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Editorial: There are no winners if Taiwan Strait tensions worsen

Storm clouds are gathering over the Taiwan Strait.

 

Tensions between China and Taiwan started to worsen last year after Tsai Ing-wen of the pro-independence Democratic Progressive Party (DPP) was inaugurated as president in the island. The DPP’s stance toward the issue of Taiwan’s independence is sharply at odds with Beijing’s official position that Taiwan is a breakaway province and part of Chinese territory.

 

The situation has been compounded by the election of Donald Trump as the next U.S. president. In early December, Trump spoke by phone with Tsai, breaking decades of protocol. He has gone so far as to question Beijing’s “One China” policy, which effectively requires countries with a formal diplomatic relationship with China to break official ties with Taiwan.

 

Around the same time, the Chinese military seized a U.S. underwater drone, further heightening tensions between the two countries. Earlier this month, a Chinese aircraft carrier, the Liaoning, sailed around Taiwan.

 

The relationship between China and Taiwan is fraught with danger and could trigger a crisis if mishandled.

 

Taking any action that increases tensions between the two sides serves nobody’s interest.

All the parties involved should remain firmly committed to avoiding provocative actions that can make waves in the relationship.

 

The United States and China are also in potential conflict over the basic principles of freedom and democracy, in addition to security issues.

 

The United States has been supplying weapons to Taiwan, while developing strong and complementary relations with China in trade, investment and other areas.

 

Despite these potential flashpoints, the United States and China, after many twists and turns, have found a diplomatic formula that commits both countries to cautious behavior designed to maintain stability in their ties. Trump doesn’t seem to have a clear understanding of the implications of this history.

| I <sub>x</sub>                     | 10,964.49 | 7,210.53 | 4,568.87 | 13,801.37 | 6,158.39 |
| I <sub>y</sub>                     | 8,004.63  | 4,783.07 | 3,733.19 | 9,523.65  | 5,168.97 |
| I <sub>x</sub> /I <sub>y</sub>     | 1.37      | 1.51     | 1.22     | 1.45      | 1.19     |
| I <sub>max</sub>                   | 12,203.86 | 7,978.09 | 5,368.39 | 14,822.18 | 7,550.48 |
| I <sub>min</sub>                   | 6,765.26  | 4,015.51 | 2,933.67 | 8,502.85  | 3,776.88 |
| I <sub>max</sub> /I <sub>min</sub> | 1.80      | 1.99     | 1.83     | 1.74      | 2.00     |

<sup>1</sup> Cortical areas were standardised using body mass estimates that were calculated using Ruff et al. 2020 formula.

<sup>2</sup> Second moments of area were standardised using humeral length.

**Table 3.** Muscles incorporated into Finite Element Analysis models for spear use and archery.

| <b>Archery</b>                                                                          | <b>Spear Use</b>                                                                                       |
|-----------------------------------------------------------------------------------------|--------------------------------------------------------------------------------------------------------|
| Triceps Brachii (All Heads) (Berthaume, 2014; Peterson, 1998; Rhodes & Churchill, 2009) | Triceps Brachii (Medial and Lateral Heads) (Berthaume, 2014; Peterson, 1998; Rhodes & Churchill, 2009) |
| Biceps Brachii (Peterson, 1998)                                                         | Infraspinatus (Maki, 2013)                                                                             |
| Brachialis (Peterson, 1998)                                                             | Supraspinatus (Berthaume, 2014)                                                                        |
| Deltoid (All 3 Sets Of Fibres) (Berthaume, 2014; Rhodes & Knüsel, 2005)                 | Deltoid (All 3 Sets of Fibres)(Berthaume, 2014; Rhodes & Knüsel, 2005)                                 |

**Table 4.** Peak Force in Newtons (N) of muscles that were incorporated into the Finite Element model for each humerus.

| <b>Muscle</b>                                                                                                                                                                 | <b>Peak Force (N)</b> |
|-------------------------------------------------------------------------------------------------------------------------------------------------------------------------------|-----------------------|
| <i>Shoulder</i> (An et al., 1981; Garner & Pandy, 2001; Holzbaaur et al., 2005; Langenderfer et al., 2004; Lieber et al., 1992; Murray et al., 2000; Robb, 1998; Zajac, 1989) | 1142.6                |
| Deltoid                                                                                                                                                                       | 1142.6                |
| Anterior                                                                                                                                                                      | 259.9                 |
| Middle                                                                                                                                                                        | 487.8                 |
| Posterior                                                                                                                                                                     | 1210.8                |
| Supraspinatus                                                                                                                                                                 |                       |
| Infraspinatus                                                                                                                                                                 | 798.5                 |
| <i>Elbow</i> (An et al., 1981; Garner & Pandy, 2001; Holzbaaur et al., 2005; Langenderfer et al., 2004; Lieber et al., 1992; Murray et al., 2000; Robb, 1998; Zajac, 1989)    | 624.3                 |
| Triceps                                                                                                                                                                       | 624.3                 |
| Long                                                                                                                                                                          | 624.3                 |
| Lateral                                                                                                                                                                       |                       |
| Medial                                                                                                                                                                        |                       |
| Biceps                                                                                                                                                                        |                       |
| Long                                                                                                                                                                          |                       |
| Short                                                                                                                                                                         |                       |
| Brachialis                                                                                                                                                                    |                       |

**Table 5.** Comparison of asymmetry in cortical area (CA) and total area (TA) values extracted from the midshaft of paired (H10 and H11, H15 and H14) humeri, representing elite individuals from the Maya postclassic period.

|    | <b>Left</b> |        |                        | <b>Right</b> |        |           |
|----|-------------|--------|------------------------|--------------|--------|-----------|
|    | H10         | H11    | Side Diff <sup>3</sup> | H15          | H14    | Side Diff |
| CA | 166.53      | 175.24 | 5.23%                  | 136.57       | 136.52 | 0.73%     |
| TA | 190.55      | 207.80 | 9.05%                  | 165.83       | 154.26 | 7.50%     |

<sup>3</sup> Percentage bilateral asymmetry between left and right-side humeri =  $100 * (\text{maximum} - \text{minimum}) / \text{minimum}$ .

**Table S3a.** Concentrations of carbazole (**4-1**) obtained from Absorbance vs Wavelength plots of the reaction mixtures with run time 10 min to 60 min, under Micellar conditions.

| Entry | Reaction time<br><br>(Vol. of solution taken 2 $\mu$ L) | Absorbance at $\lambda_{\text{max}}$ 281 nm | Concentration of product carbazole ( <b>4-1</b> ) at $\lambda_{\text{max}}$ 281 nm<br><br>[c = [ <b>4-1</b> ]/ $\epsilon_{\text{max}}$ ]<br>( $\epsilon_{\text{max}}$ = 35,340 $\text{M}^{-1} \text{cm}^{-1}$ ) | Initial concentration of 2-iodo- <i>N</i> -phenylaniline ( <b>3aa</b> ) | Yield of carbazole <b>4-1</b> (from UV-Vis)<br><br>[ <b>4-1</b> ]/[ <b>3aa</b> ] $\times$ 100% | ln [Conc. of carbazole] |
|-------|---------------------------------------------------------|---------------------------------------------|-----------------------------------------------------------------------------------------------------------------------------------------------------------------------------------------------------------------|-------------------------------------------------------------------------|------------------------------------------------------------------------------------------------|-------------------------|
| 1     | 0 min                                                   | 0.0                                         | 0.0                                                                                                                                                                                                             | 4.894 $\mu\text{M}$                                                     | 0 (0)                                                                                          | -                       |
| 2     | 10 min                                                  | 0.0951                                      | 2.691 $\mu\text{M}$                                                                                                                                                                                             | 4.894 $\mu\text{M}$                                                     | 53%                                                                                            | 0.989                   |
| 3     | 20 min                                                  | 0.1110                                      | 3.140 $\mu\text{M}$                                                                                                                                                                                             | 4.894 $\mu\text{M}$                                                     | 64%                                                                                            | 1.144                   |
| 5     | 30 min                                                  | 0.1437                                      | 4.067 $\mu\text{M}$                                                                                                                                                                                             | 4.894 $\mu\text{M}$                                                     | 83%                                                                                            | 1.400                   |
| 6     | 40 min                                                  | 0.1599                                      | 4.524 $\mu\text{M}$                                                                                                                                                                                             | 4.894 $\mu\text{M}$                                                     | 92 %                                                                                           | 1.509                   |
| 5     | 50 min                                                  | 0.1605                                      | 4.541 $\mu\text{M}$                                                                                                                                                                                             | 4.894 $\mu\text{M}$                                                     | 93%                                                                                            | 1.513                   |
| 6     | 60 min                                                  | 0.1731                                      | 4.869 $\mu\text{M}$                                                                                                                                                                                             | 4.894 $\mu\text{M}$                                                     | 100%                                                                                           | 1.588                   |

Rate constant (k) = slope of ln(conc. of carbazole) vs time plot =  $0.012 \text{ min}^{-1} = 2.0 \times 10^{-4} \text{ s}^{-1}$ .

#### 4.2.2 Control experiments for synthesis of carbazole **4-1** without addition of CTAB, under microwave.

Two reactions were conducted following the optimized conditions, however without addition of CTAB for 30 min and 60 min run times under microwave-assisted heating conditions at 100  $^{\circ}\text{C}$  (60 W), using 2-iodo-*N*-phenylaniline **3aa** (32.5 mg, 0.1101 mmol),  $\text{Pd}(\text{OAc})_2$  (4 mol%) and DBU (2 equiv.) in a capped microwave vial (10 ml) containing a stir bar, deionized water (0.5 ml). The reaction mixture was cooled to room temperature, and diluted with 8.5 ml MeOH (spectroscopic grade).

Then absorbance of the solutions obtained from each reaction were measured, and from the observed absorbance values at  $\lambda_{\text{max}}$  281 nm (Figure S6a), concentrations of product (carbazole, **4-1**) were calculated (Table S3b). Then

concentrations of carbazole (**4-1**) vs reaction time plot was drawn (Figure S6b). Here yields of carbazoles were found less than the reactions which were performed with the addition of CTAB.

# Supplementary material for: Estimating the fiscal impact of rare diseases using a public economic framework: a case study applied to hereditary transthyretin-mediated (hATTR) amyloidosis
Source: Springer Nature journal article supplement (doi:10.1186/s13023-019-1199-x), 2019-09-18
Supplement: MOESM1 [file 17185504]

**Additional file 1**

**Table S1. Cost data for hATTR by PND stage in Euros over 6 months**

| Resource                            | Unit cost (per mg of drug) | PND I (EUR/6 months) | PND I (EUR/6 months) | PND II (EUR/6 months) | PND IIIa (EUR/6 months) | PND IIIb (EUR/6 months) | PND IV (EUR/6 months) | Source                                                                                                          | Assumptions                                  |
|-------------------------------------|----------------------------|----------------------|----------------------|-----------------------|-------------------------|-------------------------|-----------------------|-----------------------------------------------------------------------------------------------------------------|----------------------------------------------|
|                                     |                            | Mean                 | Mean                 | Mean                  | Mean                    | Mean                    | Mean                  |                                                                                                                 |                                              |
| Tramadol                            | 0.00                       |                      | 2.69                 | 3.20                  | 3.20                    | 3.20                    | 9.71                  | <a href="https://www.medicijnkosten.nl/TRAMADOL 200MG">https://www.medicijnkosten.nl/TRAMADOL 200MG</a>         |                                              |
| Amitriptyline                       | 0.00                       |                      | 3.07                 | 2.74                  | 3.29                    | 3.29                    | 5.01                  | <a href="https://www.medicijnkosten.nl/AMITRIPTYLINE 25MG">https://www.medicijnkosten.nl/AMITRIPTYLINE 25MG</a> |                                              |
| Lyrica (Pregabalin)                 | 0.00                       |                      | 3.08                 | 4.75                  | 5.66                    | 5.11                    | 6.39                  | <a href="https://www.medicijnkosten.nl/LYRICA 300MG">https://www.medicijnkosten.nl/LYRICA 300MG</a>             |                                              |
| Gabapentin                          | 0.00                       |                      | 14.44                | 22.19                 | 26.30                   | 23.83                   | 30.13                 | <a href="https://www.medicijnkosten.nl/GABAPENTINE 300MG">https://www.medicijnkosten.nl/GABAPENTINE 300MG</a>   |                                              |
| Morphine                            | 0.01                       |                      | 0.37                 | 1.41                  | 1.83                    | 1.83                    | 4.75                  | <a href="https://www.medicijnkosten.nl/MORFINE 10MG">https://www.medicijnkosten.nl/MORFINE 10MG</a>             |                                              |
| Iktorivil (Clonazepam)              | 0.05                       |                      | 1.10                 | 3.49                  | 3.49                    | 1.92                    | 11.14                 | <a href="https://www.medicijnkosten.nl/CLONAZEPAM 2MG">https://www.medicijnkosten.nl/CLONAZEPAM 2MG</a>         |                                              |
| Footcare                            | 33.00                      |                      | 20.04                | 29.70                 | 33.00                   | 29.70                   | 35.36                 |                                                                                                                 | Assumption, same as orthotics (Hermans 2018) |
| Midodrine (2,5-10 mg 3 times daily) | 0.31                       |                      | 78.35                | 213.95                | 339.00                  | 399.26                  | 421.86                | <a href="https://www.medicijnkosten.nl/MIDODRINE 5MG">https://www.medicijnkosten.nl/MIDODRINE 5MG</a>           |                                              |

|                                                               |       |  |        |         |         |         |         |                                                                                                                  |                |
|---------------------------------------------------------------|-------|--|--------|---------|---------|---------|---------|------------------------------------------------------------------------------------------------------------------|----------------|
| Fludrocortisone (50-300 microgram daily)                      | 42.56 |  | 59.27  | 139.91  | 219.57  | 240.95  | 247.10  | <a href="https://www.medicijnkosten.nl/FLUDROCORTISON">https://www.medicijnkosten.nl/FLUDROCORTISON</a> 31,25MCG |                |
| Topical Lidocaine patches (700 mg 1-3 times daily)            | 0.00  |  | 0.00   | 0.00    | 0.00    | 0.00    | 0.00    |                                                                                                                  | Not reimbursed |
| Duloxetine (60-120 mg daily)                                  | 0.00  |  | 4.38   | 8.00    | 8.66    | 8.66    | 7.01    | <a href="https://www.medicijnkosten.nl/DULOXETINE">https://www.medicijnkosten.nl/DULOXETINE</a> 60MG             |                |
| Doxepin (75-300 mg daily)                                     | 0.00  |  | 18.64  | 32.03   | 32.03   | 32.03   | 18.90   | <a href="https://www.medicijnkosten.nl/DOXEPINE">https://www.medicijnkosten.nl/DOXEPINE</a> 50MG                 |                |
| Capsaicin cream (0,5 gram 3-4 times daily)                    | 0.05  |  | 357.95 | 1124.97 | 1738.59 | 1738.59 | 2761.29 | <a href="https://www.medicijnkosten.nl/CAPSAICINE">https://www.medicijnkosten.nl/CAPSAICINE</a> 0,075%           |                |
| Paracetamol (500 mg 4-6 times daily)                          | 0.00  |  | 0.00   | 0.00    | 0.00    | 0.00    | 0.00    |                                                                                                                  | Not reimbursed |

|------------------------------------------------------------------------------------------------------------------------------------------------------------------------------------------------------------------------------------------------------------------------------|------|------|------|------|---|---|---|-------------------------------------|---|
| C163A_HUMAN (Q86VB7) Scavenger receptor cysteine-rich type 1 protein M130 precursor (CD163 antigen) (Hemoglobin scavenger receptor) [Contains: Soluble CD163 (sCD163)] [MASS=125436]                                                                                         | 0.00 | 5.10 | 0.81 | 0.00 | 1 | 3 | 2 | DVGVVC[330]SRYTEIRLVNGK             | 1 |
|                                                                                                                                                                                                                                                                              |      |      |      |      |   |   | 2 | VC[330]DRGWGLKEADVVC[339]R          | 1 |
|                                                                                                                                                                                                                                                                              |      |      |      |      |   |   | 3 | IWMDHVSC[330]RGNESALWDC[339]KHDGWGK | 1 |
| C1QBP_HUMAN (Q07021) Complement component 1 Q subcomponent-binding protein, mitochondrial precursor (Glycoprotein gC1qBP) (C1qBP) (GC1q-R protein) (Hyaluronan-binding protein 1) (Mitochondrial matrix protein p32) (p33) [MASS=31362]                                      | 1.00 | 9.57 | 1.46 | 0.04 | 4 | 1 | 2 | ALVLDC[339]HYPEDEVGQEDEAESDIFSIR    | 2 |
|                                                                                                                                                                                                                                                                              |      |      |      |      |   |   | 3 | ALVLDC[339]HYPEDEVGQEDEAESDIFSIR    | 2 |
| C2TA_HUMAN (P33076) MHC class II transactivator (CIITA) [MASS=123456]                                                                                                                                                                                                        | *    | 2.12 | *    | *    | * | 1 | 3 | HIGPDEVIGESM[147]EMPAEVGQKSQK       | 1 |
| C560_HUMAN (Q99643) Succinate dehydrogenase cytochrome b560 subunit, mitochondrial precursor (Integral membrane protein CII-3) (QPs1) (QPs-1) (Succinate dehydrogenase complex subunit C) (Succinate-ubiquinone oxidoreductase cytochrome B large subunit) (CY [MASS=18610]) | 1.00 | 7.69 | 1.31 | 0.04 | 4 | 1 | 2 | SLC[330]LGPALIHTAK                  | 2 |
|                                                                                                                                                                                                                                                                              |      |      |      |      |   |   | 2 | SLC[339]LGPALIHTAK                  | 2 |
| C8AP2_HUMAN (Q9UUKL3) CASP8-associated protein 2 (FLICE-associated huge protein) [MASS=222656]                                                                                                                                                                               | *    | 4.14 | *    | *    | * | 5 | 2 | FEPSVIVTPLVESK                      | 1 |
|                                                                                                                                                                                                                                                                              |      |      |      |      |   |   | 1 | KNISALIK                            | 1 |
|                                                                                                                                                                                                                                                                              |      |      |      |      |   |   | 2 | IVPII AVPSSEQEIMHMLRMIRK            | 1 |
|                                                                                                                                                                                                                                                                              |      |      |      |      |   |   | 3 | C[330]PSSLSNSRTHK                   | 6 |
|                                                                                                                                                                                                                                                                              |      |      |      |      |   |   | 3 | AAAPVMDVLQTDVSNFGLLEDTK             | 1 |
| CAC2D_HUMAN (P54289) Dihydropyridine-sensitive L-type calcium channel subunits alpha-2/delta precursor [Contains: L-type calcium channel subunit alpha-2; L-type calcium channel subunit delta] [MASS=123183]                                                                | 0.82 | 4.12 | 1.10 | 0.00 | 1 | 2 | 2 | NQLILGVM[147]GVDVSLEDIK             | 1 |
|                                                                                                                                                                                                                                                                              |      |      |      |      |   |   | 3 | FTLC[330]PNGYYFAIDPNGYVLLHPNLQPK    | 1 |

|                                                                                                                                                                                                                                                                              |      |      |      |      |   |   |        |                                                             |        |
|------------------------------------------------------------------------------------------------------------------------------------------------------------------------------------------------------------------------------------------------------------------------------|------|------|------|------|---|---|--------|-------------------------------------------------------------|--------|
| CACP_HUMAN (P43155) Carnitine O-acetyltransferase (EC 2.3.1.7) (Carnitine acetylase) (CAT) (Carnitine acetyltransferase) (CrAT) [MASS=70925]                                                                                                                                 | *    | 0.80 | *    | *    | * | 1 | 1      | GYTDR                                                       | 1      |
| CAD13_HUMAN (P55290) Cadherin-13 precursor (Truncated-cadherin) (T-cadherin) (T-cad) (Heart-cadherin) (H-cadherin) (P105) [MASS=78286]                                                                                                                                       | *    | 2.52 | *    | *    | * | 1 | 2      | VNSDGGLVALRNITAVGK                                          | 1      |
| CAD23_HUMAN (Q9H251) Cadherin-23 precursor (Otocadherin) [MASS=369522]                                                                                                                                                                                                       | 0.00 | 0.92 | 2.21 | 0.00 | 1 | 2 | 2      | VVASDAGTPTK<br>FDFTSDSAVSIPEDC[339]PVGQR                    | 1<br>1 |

Many past U.S. administrations initially adopted a hard-line stance toward China but later switched to developing better bilateral ties.

 

This time as well, Taiwan could end up being buffeted by repercussions from the diplomatic game the two powers play.

 

China’s responses to actions taken by Washington tend to be directed more at Taiwan than at the United States.

 

Late last year, Sao Tome and Principe, an island nation off the west coast of Africa, severed diplomatic ties with Taiwan and established a formal relationship with China. It is believed that the small African country’s move was orchestrated by Beijing as part of its responses to the Trump-Tsai conversation.

 

China’s Liaoning is no match for U.S. flattops with regard to operational capabilities. Many experts even doubt whether the vessel can safely handle takeoffs and landings of fighter jets.

 

Still, the deployment of the Liaoning to the Taiwan Strait was a sobering event for Taiwanese.

 

The way the Chinese administration of President Xi Jinping has tried to intimidate Taiwan while at the same time labeling the people there as “fellow citizens” is simply baffling.

 

In Taiwan, a sense of identity as Taiwanese separate from mainland China has been growing while its economic ties with China have been expanding. Facing this sticky dilemma, Taipei has no choice but to seek to maintain the status quo of cross-Strait ties, at least for the time being.

 

The Tsai administration’s actions have been based on this reality.

 

Since taking office in May 2016, Tsai has maintained a cautious attitude.

 

There can be no quick solution to the diplomatic conundrum posed by the relationship between China and Taiwan.

 

All that the countries involved can do is to continue efforts to protect stability while hoping that talks between the two sides will make progress toward a peaceful future of their relations.

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